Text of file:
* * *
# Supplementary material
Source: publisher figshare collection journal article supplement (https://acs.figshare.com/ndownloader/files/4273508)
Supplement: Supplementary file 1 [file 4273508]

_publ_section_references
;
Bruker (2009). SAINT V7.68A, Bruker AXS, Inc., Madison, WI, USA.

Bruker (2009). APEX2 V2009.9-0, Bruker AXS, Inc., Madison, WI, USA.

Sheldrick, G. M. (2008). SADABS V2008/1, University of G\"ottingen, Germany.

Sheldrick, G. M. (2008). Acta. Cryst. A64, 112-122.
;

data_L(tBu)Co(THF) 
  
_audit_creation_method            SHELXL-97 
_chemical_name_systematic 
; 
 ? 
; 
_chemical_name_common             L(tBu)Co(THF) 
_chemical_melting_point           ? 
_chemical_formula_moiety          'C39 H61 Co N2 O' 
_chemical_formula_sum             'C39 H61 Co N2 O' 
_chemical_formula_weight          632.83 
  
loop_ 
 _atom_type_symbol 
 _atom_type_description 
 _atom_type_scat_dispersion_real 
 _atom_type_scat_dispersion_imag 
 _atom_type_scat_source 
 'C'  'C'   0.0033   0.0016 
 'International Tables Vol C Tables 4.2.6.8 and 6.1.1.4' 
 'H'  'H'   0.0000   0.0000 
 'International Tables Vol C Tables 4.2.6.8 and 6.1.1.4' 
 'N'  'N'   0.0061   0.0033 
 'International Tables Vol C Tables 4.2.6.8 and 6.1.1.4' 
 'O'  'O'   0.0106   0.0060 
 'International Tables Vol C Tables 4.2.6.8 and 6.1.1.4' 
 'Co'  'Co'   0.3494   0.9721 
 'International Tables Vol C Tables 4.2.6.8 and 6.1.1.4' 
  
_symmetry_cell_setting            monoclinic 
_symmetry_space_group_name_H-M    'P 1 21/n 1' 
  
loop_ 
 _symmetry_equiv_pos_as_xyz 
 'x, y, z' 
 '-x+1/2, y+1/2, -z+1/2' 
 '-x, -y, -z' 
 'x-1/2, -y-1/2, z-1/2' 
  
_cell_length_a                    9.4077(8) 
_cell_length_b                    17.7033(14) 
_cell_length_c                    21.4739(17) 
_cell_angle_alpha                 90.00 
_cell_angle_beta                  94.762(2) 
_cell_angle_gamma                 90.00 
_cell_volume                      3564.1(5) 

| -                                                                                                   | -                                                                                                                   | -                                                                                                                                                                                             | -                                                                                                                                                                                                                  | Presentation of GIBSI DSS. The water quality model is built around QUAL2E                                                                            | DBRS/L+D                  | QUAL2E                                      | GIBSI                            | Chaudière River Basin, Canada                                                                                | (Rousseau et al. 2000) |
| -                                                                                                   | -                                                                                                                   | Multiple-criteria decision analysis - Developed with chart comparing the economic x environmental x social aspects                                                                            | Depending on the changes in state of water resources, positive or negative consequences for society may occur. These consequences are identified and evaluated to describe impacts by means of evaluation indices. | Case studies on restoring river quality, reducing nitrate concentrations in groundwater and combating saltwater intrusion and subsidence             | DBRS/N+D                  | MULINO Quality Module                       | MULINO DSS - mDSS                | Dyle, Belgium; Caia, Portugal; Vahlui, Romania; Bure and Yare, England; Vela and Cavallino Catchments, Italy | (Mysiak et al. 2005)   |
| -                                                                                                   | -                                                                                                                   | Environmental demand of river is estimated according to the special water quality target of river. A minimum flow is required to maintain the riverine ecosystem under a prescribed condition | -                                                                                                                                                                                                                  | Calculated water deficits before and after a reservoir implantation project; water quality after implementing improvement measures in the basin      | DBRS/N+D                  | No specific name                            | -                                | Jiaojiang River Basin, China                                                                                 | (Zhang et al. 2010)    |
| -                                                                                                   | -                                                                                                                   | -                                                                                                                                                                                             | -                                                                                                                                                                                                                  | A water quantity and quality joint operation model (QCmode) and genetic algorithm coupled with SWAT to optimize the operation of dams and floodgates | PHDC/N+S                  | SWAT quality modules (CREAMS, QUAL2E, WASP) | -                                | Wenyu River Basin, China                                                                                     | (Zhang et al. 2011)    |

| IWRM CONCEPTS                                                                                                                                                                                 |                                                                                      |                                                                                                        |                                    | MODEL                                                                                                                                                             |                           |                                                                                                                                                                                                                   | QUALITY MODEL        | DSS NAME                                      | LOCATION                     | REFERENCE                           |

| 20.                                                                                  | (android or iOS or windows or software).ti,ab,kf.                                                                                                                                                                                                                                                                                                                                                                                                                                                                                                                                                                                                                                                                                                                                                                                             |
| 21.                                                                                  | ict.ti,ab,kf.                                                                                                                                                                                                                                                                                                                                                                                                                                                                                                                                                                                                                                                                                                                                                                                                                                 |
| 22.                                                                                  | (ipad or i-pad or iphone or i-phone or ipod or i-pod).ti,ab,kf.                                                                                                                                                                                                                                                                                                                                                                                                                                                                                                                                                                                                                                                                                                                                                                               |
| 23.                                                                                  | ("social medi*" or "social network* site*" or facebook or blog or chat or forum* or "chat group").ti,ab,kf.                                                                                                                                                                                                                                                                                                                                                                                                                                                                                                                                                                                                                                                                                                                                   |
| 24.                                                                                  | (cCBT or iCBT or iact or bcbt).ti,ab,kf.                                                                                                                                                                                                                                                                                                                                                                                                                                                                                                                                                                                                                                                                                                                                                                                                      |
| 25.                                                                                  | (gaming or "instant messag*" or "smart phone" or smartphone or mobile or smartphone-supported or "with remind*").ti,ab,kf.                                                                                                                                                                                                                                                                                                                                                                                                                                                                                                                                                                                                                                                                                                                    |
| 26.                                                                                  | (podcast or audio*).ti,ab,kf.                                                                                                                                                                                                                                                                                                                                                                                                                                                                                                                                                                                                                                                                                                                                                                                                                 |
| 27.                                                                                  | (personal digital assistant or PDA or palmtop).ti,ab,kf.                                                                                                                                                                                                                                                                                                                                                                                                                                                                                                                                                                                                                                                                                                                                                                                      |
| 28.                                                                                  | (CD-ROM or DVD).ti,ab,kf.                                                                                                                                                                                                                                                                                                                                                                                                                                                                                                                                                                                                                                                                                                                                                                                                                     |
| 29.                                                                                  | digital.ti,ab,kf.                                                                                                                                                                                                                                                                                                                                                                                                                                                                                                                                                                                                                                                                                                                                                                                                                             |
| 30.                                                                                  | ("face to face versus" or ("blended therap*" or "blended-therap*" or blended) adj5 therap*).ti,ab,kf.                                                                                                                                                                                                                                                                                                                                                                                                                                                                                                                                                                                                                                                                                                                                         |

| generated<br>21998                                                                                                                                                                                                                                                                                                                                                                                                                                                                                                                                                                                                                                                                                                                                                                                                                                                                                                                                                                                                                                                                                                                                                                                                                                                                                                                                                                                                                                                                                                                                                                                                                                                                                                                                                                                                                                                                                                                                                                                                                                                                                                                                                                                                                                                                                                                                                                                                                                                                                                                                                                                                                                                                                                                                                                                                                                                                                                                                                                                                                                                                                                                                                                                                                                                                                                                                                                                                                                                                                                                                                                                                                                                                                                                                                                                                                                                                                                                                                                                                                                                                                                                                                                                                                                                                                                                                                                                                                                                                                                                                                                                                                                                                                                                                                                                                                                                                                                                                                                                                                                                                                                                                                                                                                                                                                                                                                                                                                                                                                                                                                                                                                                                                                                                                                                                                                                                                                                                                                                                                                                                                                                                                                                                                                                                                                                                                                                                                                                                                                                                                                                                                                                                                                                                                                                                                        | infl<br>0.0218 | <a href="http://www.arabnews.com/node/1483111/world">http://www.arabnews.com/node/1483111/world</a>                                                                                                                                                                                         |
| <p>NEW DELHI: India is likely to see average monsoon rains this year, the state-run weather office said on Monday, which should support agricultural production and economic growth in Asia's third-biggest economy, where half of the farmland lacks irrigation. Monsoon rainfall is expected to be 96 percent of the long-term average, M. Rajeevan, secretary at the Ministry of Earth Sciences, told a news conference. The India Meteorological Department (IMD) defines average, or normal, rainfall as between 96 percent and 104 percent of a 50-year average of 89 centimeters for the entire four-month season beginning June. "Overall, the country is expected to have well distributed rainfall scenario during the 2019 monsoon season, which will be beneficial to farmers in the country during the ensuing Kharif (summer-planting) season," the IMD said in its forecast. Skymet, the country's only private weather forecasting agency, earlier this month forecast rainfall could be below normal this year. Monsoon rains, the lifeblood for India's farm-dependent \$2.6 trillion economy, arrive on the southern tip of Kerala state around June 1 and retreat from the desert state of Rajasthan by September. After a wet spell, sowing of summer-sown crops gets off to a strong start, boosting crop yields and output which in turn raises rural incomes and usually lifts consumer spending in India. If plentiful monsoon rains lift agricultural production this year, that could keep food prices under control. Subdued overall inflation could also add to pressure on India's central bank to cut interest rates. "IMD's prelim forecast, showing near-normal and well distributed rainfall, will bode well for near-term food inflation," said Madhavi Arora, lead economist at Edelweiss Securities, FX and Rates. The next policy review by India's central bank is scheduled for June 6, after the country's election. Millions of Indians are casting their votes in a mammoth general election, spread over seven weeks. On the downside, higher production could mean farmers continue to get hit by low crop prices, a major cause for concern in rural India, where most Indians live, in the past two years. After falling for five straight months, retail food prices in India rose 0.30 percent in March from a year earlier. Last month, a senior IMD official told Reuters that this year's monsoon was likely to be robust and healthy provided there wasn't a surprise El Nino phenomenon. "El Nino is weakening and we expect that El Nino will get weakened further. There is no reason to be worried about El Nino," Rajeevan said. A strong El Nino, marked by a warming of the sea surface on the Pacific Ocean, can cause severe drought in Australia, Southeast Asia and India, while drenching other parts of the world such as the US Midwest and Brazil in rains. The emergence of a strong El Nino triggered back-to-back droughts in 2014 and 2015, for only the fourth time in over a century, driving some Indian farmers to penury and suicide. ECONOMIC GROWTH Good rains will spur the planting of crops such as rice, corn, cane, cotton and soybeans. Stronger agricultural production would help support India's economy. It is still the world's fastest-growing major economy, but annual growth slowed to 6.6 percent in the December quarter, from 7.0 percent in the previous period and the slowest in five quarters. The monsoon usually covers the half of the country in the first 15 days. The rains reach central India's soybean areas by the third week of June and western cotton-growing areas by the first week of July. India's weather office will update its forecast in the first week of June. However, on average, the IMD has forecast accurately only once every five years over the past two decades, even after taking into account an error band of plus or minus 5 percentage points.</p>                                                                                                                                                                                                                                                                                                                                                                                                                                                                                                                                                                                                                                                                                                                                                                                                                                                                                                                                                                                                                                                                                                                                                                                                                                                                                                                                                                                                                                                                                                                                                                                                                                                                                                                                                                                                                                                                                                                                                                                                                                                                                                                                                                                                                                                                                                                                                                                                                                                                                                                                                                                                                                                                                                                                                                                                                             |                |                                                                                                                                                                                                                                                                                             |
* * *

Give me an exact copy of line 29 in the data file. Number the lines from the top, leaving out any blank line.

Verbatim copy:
 'International Tables Vol C Tables 4.2.6.8 and 6.1.1.4' 